New white paper updates data on civilian injuries in law enforcement encounters
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Incidents of law enforcement-related injury are frequently dismissed, in part because they are anecdotal. Dependable data sources are needed to paint an accurate picture of civilian health outcomes in interactions with police. A new white paper published by researchers at the UIC School of Public Health seeks to quantify and describe civilian injuries in law enforcement encounters from 2016-2022.
SPH’s Law Enforcement Epidemiology Project aims to provide a framework for a comprehensive surveillance system based on existing public health data sources that augment police reports and Bureau of Justice Statistics data. Their findings indicate that among the 50 to 60 million people in the U.S. who will have contact with law enforcement over a given year, about 250,000 civilian injuries occur, of which more than 80,000 non-fatal injuries required treatment in a hospital.
SPH’s Lee Friedman, PhD, professor of environmental and occupational health sciences, and Alfreda Holloway-Beth, PhD ’14, MS ’07, research assistant professor of environmental and occupational health sciences and director of epidemiology at the Cook County Department of Public Health, lead the Law Enforcement Epidemiology Project.
“The program aims to identify at-risk groups and evaluate existing non-lethal techniques used to detain individuals, in order to inform policies to better protect civilians when they interact with law enforcement personnel,” Friedman said. “Improving trust in law enforcement serves to protect communities as well as the safety of officers.”
Data from the white paper specifically addresses civilian injuries in the state of Illinois, broken down by Chicago; Cook County, the state’s largest county; and the rest of the state. The report creates a picture of people most likely to be injured in encounters with law enforcement – namely Black people, males, people between the ages of 15 and 44 and individuals on Medicaid or without health insurance, which are proxies for low income.
While high-profile incidents of civilian injuries and fatalities in law enforcement encounters like the cases of George Floyd, Breonna Taylor and Laquan McDonald took place in urban contexts, civilian injuries in Illinois are not isolated to major urban centers. The overall injury rate was nearly equivalent across Chicago, suburban Cook County and the rest of Illinois. In fact, injury rates for both Non-Hispanic Black and White people were highest outside of Chicago and Cook County.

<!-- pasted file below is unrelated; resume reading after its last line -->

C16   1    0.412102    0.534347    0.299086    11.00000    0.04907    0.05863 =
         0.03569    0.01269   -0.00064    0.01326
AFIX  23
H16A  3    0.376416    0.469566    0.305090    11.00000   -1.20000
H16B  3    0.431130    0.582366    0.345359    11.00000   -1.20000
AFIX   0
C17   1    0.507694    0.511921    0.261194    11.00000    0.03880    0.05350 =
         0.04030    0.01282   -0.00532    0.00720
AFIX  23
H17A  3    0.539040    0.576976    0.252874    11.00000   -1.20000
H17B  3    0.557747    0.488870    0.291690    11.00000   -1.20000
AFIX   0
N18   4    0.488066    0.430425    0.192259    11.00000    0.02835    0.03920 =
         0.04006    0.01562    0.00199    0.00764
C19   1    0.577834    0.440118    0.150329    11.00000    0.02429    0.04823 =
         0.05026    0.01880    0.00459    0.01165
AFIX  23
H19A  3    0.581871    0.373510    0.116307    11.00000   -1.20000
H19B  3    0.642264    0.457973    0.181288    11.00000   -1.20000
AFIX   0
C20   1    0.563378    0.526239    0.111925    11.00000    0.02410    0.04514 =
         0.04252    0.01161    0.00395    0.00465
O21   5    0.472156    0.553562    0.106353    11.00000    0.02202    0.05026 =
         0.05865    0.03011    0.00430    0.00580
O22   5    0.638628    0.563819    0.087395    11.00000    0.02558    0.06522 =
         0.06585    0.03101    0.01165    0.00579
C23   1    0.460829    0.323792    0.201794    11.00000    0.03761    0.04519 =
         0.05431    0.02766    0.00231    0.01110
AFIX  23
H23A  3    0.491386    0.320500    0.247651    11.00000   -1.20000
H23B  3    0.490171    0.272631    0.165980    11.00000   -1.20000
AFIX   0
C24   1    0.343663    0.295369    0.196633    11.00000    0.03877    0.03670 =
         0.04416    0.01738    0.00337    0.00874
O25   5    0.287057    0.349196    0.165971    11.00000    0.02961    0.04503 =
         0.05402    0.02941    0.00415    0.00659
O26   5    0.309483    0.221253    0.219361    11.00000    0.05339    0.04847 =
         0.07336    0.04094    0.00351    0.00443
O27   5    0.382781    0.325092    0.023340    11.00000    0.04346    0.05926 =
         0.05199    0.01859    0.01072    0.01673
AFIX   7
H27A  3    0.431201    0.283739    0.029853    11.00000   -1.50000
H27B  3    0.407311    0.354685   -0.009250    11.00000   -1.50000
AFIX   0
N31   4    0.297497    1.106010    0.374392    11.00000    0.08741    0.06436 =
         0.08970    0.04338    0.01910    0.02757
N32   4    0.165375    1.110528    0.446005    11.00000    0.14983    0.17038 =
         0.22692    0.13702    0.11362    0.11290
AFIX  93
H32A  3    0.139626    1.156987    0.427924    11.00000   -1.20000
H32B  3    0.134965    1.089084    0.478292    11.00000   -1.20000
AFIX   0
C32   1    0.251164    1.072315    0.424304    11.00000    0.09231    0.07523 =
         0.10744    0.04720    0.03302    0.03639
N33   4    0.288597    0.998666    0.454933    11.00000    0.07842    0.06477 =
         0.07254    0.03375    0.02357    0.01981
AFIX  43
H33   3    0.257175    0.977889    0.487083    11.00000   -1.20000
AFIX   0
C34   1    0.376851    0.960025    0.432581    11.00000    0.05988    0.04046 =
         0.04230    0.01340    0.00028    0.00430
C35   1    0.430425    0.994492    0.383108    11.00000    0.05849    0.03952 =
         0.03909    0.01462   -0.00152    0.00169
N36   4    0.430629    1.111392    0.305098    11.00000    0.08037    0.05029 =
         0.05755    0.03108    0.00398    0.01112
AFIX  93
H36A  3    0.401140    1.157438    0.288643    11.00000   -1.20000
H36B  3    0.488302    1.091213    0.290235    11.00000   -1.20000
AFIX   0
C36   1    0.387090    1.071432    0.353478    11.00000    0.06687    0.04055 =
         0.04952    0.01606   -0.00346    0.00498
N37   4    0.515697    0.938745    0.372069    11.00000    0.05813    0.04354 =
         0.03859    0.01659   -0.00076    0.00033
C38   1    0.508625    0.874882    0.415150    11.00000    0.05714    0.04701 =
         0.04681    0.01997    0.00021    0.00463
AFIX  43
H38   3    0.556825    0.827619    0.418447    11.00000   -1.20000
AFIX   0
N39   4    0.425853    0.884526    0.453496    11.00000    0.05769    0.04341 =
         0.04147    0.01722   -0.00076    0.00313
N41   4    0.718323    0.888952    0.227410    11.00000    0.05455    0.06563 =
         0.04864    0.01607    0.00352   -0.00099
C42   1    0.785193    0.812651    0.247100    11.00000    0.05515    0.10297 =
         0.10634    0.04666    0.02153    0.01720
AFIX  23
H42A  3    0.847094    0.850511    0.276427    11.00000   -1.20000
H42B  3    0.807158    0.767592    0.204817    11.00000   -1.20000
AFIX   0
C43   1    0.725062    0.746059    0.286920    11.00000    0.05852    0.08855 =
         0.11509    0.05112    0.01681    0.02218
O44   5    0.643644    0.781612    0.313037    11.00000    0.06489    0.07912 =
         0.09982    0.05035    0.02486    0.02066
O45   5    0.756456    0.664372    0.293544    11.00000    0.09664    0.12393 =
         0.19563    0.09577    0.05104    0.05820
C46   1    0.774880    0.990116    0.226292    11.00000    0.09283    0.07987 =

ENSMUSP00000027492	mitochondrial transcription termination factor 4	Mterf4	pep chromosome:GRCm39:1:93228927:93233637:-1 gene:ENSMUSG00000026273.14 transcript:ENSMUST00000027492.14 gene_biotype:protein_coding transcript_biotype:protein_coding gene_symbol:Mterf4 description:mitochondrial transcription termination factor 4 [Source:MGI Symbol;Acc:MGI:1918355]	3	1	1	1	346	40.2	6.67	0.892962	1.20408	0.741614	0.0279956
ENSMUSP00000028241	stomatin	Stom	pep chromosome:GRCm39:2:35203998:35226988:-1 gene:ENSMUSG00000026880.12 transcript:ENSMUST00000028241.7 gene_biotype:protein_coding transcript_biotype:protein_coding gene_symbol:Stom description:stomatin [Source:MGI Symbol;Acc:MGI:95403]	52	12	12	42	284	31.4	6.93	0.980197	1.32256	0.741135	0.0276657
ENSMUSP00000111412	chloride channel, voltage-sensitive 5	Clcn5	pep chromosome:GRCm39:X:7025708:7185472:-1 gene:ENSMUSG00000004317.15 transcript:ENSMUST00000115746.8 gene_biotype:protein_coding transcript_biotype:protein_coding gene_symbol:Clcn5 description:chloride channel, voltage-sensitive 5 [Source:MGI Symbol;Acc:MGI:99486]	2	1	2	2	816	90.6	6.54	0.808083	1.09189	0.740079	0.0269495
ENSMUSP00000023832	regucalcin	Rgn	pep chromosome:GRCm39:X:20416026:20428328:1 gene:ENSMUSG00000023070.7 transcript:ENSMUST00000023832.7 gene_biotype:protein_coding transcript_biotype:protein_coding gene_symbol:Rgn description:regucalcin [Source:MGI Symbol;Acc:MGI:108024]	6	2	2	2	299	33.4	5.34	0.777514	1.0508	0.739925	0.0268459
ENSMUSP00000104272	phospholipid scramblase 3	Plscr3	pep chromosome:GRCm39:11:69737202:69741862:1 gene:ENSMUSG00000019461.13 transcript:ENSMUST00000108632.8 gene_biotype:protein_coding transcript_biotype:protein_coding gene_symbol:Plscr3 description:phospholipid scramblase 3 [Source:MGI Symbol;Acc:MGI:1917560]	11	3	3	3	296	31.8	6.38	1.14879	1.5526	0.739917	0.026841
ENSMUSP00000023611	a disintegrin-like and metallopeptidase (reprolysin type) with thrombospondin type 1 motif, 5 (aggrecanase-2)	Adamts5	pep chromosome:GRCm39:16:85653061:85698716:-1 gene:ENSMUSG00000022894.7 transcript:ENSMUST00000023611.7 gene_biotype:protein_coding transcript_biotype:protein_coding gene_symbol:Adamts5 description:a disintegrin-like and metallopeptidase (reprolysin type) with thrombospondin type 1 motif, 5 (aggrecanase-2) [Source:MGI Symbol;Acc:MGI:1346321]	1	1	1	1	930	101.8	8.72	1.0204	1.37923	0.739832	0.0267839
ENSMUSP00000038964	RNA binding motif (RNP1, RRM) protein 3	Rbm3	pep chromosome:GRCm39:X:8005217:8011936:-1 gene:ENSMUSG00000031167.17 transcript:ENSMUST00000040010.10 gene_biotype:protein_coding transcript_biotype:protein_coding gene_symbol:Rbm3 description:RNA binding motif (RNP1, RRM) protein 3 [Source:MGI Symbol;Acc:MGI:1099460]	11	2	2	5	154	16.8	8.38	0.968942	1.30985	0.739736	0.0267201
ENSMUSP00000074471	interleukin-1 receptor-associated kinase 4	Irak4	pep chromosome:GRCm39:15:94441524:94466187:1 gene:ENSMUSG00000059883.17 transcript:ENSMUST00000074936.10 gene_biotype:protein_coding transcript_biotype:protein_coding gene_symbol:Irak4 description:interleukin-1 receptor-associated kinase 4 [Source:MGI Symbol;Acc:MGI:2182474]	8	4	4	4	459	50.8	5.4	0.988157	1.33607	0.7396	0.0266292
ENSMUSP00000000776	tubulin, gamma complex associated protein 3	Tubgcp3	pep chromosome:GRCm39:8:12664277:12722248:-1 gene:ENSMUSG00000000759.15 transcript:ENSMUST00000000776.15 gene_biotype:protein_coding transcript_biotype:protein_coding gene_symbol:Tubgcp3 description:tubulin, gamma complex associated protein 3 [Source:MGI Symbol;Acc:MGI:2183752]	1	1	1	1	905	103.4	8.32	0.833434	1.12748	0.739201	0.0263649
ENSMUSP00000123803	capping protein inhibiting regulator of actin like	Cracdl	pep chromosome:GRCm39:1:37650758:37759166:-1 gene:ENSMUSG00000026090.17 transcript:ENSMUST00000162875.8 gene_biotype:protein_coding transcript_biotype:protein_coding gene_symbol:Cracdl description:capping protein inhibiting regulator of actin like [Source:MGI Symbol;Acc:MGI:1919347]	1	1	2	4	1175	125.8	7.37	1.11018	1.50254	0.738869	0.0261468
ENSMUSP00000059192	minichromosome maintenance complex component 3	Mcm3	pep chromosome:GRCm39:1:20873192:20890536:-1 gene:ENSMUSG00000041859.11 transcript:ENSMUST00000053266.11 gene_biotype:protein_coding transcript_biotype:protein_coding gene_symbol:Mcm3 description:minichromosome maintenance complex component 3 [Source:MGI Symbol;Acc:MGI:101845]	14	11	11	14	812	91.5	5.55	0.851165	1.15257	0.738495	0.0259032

Researchers also noted geographic disparities in injury rates. While injury rates have been significantly decreasing in Chicago and suburban Cook County, rates have increased substantially since January 2022 across the remainder of Illinois.
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While the reason for the differences in trends is unclear, the findings illustrate another substantial gap in the data. There is an absence of quality information on law enforcement agency characteristics such as diversity of agency personnel, density of officers across jurisdictions, training requirements, community policing programs, policing practices in neighborhoods with more minority or lower income residents, bias in arrest decisions, and arrest rates across communities.Co-director, Law Enforcement Epidemiology Project|
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The Law Enforcement Epidemiology Project is currently developing a database with this information for agencies in Illinois, but Friedman notes the critical need for a nationwide database.
Regardless of region, minorities and persons living in economically disadvantaged communities experienced the highest incidence rates, but mirroring other published research, incidence rates were 5 to 10 times higher for Black men.
The white paper aims to describe the types of injuries civilians are experiencing. Injuries suffered by civilians followed patterns of known tactics used by law enforcement targeting the head and upper extremities. The most common serious injuries experienced were fractures and open wounds.
The white paper offers new data on injuries induced by canines and conducted energy devices such as TASERs, tracking 656 incidences of injuries with significant variance across municipalities. The authors recommend a review of practices in municipalities where these injuries are most commonly occurring.